925. Robert Southey to Mary Barker, 18 April 1804
925. Robert Southey to Mary Barker, 18 April 1804 *
First & foremost no news of Edith. – you shall hear the first. 
Next to your drawing.  it is exceedingly beautiful, & almost induces me to say that you who manage a pencil in so masterly, or mistressly – a way, ought never to use a brush – it is exceedingly beautiful – dont wonder that I write a phrase twice which I have ejaculated about twenty times. But, – there is a fault in the drawing – with reference to its purport – which I did not discover for full half an hour, & that is that if large trees are introduced, the scale of proportions will reduce the poor Beaver to a very diminutive personage indeed, – in fact he will look as a portrait of a man would look taken in, & taking in the inside of St Pauls. I will make something to fit this beautiful bank – & you must make another bank to fit the Beaver – where you may have as many reeds, flags, colts-foots, & stumps of trees as you please – but no tree. And for the Beaver himself I will bring you down a portrait from London. The animal is a beautiful animal, & his tail so ridiculously convenient that it looks exactly as if he had bespoken it.
I thought to have been in London by this time, & am vexed to be thus delayed in daily expectation. it keeps one on the fret or the fidgets, & half unfits me for doing anything.
You will grieve & groan for a burro here, we have fine things enough from the windows, but to get at them a long way & not a pleasant one. In our direction I can shorten the disagreable in a way which would not be quite so convenient for you – by doffing shoe & stocking & fording the Greta at the bottom of the orchard. To boat it is dearer than coaching in London & less convenient. however by good fortune the finest river scenery lies within two miles of the house – & not a tourist has ever heard of it. You will delight in the Greta, & curse the Bishop of Llandaff for cutting down its woods.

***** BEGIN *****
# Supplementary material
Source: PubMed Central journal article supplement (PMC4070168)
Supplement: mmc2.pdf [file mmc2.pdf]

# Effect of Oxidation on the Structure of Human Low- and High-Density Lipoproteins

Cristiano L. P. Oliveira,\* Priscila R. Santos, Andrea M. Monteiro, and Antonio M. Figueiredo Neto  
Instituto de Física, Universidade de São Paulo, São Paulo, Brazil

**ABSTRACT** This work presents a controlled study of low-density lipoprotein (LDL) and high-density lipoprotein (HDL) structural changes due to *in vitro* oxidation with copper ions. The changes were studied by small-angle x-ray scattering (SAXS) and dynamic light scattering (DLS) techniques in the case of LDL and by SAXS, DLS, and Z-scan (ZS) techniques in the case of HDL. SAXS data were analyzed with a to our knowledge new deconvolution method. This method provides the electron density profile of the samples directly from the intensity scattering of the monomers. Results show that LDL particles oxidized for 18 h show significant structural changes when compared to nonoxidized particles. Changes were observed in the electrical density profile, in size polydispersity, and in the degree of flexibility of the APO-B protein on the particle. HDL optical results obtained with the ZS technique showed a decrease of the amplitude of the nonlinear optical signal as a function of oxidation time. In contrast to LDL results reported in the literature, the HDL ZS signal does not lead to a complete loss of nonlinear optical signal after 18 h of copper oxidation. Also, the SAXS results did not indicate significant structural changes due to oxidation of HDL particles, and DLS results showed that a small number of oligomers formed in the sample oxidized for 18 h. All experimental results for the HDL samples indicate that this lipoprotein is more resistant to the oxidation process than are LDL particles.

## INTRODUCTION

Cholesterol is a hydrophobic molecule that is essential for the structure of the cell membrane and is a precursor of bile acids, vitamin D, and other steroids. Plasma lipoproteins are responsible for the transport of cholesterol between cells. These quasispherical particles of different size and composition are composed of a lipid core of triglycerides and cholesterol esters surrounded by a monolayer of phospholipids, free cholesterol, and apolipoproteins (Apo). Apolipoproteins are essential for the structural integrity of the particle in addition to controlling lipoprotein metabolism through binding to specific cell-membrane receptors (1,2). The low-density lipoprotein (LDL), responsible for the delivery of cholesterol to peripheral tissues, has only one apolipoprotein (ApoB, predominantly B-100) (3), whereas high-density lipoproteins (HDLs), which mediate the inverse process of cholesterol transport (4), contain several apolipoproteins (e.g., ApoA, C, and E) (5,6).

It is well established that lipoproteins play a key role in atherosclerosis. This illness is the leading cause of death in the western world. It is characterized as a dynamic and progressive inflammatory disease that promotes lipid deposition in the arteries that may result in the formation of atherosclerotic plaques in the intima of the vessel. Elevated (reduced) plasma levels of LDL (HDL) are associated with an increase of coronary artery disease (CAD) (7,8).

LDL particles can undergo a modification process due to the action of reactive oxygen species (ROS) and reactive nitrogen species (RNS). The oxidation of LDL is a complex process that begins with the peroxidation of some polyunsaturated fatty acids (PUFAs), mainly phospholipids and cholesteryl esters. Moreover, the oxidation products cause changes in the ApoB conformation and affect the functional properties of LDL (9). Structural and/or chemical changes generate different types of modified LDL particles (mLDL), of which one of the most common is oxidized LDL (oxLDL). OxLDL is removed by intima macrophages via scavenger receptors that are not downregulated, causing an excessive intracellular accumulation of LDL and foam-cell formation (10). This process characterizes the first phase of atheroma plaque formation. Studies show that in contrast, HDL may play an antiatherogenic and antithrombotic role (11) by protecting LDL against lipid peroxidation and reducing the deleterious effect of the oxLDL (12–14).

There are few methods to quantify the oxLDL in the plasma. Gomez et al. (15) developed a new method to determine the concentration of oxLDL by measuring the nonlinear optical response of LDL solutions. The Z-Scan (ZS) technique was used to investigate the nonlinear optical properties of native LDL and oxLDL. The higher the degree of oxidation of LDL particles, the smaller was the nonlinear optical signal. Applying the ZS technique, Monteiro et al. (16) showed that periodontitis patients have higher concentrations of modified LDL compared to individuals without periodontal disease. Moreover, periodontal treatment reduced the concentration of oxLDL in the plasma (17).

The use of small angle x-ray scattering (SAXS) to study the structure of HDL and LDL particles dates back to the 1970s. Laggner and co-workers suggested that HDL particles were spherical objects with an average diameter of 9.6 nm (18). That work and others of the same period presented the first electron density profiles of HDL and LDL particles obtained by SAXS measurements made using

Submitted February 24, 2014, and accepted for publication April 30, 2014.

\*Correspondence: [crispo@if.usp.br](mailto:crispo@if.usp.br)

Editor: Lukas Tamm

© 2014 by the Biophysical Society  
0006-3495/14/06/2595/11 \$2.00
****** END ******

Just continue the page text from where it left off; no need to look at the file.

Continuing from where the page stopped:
What you say of the difficulty or impossibility of getting decent design, if you bespeak them of a trade artist I know well. – & that makes me the more desirous to have as little to do with them as possible. If you can manage the scenery, we may trust a Londoner to insert a figure, introduced solely to exhibit dress, or armour, or arms, not for any passion – or interesting part of the poem – for that would inevitably be ruined. And the scenery it is very certain you can manage.
I am now transcribing the first part of Madoc to take to London & leave with the Printer.  this & the Specimens  will keep me hard at work till my departure which I trust will soon take place, or we shall all be out of patience. Edith is well, bating the ventoseness which is her old grievance. I overwalked myself yesterday, & have a headache, so you must excuse a cheating letter – for half a letter is cheating – nor would I send it but for the supposition that if I were silent you would be uneasy. You shall hear as soon as there is any thing to say.
God bless you.
April 18. 1804
* Address: To/
Miss Barker/ Congreve/ Penkridge/ Staffordshire
Postmark: KESWICK/ 298
MS: MS untraced; text is taken from Robert Galloway Kirkpatrick, ‘The Letters of Robert Southey to Mary Barker From 1800 to 1826’ (unpublished PhD, Harvard, 1967), pp. 107–109.
Previously published: John Wood Warter (ed.), Selections from the Letters of Robert Southey, 4 vols (London, 1856), I, pp. 272–273. BACK
 Southey had asked Barker to make designs of a beaver and other animals and scenes from Madoc; see Southey to Mary Barker, 17 February 1804 (Letter 896), 3 March 1804 (Letter 906) and 29 December 18 (Letter 1009). BACK
 The poem was in fact printed by James Ballantyne in Edinburgh and was published in 1805. BACK
 Specimens of the Later English Poets, jointly edited with Grosvenor Charles Bedford and published with Longman, in 1807. BACK